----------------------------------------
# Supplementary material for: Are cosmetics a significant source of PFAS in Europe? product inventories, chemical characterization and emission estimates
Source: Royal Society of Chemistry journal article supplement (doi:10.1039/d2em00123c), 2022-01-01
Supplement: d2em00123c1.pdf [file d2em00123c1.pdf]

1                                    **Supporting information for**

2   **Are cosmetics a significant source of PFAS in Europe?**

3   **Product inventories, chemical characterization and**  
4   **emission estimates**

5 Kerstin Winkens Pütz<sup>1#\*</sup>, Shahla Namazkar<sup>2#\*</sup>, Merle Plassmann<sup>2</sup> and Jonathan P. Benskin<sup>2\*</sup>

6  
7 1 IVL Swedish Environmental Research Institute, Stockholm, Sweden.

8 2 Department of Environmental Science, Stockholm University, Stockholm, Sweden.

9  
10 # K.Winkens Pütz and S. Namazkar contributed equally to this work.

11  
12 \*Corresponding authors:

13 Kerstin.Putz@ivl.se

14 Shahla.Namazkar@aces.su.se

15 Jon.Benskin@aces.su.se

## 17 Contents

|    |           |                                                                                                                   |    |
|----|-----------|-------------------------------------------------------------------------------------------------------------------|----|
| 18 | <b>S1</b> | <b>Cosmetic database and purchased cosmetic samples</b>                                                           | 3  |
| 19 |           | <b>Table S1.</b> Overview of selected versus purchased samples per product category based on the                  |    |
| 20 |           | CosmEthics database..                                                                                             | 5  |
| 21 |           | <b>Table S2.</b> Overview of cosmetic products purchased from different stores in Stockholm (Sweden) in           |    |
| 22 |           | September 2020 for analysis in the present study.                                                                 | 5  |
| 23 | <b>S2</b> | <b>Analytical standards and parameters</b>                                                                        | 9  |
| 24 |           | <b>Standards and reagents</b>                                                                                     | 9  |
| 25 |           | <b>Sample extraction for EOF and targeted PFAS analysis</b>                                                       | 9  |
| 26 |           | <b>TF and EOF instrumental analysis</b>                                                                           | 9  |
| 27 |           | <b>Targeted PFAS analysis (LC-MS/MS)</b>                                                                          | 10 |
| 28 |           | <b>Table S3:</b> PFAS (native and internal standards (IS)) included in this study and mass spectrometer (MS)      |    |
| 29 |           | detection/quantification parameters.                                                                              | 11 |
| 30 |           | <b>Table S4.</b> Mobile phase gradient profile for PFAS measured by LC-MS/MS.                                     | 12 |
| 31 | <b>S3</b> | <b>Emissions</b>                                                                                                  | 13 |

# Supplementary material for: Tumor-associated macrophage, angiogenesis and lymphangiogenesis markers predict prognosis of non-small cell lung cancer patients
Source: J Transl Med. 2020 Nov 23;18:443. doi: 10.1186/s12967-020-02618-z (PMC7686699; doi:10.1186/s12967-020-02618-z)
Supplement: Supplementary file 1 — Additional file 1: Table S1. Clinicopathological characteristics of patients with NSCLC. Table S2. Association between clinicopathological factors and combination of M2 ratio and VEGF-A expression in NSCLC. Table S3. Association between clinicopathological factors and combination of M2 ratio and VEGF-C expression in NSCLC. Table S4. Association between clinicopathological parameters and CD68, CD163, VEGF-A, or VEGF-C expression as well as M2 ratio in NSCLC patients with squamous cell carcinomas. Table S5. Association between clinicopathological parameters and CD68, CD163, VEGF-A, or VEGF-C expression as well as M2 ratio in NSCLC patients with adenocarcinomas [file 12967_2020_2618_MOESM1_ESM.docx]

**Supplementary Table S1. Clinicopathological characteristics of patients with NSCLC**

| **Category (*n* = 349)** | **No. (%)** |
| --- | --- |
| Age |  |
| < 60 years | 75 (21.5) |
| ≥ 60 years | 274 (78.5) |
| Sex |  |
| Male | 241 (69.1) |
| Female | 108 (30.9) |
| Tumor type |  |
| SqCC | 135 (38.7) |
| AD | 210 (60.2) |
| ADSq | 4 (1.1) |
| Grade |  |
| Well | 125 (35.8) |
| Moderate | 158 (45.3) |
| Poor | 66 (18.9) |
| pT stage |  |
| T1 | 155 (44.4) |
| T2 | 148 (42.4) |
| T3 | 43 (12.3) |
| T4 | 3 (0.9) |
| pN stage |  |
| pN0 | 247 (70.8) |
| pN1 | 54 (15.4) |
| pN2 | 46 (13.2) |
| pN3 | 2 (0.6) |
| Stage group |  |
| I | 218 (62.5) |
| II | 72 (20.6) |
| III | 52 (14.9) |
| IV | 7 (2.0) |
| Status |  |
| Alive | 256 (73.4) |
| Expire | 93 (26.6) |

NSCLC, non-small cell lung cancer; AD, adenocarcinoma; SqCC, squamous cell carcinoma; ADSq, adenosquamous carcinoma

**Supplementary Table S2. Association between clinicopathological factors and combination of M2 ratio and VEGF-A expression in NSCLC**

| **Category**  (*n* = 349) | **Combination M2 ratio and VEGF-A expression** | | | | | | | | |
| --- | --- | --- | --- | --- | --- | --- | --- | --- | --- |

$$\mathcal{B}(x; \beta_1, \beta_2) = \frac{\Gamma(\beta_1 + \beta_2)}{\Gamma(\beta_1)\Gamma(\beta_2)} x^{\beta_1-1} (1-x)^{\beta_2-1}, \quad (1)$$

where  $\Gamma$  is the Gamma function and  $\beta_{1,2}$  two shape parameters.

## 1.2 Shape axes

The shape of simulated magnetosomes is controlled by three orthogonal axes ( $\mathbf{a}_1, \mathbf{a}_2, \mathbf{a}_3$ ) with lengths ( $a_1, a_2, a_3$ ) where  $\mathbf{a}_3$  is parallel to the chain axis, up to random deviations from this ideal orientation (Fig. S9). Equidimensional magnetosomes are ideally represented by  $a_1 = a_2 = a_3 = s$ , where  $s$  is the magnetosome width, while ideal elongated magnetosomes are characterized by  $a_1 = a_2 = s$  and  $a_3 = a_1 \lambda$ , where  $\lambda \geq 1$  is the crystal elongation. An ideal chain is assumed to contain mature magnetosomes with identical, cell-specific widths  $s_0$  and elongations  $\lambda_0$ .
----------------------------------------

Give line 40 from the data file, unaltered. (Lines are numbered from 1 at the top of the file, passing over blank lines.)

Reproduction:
| **Category (*n* = 349)** | **No. (%)** |